[The preview for this review is here.]
Caught Actors’ Shakespeare Project’s production of The Merchant of Venice last week. Of the three ASP productions I’ve seen thus far this one was probably my least favorite. Upon reflection I think a fair amount of the problem may have been the space, which was significantly bigger than the Harvard Square location where I’d seen them before. The theater, in the basement of Midway Studios at Fort Point Channel, is interesting in and of itself, with a balcony and a small spiral staircase, but its size proved to be unwieldy. Although the direction made fairly good use of the mostly bare stage, the actors, particularly the younger ones, had a tendency to shout rather than project, and overplay their roles rather than focus on the text in the way I’d seen in their more intimate settings. Part of this I think is also due to the post-Baz Luhrmann tendency for actors to deliver Shakespeare in a college frat boy sort of way, relying far too much on broad physical gestures and CON-STANT STRES-SES ON EV-ERY SYL-LA-BLE.
As for the production itself, in general I agree with The Globe’s comment that “the scenes never quite connect” and that as a whole the production is “too disjointed to be effective”. (Although I disagree with Byrne’s comment that “the subplots featuring Portia’s suitors gambling for her hand in marriage and Shylock’s daughter, Jessica (Sarah Augusta), eloping with Lorenzo (Jason Bowen) feel less like romances and more like two more business transactions,” because I found that choice actually helped unify the production.) My main gripe is that despite each scene working fairly well, somehow the overall motivations and emotional connection to the drama get completely lost. Antonio and Bassanio’s friendship, upon which the conflict of the entire play is based, is far too understated, as is Shylock’s final bitter defeat in the climactic courtroom scene; and in this production the moment where Bassanio risks all to win Portia’s hand in marriage is completely devoid of tension. The subplot involving Portia and Nerissa fooling their husbands ends the play merrily enough, but again without much connection to the rest of the play.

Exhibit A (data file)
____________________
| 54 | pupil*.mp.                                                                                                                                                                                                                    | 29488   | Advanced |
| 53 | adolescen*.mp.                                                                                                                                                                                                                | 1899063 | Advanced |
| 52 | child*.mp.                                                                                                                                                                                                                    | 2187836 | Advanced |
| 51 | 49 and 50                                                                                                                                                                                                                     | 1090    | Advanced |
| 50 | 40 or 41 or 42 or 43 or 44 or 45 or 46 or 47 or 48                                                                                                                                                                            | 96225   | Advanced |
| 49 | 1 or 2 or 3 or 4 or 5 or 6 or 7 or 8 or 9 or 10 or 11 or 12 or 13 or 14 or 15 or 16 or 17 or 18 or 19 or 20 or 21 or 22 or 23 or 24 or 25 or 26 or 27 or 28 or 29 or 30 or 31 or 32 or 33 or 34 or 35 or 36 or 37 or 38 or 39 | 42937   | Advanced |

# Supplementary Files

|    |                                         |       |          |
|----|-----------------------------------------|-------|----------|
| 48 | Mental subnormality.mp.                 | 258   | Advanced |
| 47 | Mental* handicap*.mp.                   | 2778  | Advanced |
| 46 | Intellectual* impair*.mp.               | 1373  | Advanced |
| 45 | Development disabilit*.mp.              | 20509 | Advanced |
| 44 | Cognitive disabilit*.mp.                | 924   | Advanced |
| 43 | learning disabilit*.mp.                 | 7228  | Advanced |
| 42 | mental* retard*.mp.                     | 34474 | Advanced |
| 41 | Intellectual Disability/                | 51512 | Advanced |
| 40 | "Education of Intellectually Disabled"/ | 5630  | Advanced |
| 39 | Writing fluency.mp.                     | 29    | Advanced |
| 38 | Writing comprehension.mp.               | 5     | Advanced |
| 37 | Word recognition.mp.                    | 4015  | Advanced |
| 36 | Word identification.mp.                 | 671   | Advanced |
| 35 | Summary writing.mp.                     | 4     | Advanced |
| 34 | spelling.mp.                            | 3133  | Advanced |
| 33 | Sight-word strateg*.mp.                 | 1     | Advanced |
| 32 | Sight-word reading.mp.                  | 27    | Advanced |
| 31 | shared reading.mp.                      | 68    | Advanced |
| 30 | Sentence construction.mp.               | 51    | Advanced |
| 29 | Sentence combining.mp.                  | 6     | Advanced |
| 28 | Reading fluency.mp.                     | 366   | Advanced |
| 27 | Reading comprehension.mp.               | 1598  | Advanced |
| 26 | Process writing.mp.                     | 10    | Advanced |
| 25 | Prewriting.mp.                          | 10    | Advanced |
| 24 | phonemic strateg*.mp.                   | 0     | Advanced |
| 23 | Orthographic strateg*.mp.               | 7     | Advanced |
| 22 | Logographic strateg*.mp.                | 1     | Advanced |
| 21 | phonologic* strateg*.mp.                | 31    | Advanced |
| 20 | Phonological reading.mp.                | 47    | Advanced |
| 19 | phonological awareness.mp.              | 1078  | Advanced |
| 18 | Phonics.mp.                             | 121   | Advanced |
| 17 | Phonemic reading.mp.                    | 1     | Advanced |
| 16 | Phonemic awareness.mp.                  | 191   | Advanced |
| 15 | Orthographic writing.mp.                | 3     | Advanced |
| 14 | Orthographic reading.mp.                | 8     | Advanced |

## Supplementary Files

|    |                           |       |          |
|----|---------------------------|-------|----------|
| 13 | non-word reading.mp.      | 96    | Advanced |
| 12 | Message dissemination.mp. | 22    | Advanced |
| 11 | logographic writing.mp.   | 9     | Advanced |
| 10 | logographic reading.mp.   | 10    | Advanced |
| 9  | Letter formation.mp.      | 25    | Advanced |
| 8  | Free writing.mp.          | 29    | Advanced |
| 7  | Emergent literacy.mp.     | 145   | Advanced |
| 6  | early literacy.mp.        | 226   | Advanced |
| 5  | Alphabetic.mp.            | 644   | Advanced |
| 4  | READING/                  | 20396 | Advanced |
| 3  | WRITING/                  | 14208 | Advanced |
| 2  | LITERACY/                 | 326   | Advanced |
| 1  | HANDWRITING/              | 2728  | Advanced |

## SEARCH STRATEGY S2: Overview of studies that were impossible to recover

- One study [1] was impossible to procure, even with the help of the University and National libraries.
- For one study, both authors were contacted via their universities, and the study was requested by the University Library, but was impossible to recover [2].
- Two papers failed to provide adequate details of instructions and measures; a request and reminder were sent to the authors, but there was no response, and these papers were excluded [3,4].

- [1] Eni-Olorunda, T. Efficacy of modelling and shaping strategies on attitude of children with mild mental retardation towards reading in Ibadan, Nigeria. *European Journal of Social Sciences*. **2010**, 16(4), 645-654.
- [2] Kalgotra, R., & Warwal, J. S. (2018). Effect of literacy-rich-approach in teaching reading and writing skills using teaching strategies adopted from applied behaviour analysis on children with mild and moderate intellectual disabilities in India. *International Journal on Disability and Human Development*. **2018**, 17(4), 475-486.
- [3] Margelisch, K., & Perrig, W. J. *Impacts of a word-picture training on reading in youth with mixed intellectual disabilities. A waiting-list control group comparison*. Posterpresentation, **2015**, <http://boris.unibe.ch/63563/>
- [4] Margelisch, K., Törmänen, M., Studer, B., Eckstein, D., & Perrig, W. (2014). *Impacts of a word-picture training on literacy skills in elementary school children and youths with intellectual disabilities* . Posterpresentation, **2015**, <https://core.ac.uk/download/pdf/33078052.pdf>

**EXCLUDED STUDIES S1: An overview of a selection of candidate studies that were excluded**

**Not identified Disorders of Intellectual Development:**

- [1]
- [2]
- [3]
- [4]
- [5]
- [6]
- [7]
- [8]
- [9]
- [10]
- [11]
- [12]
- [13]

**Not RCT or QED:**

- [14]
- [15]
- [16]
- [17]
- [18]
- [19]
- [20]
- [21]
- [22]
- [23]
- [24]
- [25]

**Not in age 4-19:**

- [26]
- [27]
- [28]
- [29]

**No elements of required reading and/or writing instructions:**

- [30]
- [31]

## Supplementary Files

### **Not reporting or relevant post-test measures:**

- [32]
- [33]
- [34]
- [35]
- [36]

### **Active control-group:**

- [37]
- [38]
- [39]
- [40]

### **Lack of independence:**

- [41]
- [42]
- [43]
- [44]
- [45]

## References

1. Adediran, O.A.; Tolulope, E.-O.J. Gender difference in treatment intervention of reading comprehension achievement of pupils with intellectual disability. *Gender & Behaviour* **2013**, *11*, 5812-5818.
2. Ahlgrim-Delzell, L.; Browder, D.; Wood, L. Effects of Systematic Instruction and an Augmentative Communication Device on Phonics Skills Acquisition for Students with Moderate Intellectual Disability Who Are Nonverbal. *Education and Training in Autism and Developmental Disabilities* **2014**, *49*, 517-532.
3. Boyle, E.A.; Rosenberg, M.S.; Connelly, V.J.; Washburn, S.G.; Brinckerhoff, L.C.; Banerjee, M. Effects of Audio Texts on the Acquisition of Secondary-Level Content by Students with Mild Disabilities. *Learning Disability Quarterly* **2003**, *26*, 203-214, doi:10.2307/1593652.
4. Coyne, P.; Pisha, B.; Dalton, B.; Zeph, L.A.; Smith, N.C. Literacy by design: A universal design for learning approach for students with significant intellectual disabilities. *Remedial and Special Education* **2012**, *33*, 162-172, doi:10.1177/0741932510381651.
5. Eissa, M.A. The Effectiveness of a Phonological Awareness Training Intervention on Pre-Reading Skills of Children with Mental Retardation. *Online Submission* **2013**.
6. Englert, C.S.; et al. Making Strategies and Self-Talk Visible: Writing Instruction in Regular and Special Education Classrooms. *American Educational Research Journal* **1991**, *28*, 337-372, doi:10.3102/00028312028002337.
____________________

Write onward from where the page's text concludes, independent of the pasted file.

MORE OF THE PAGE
Despite the overall lack of focus, there was more than enough to keep one’s attention and a fair number of interesting touches. I generally don’t like underscoring in plays, but there was some nice sound design, including the soft sound of coins clinking during some scenes. Jessica, Shylock’s daughter, was directed as very young which makes her betrayal seem convincingly naive, and Jeremiah Kissel has deservedly received unanimous praise for his portrayal of Shylock. Kissel’s seething, manic portrayal is both sympathetic and tragic, and his hatred and lust for vengeance are compellingly repellent. His scene with Tubal is certainly the most emotionally honest moment in the entire production. I was a bit disappointed in Sarah Newhouse as Portia, and to a lesser extent Marianna Bassham as her maid Nerissa: I’d seen them in a previous production, and they just didn’t seem to bring enough unique characterization to their roles here.
The group has archived a fair number of reviews of the production on their website, including The Phoenix’s and EDGE Boston’s. And if you’re looking for more info on the play and its historical context, Wikipedia, as usual, doesn’t disappoint.
So even though it’s not a home run, ASP still provides a worthy take on Shakespeare’s classic and some fine acting, particularly thanks to Kissel as Shylock. The production is playing through December 7, so you still have a few more days to catch it.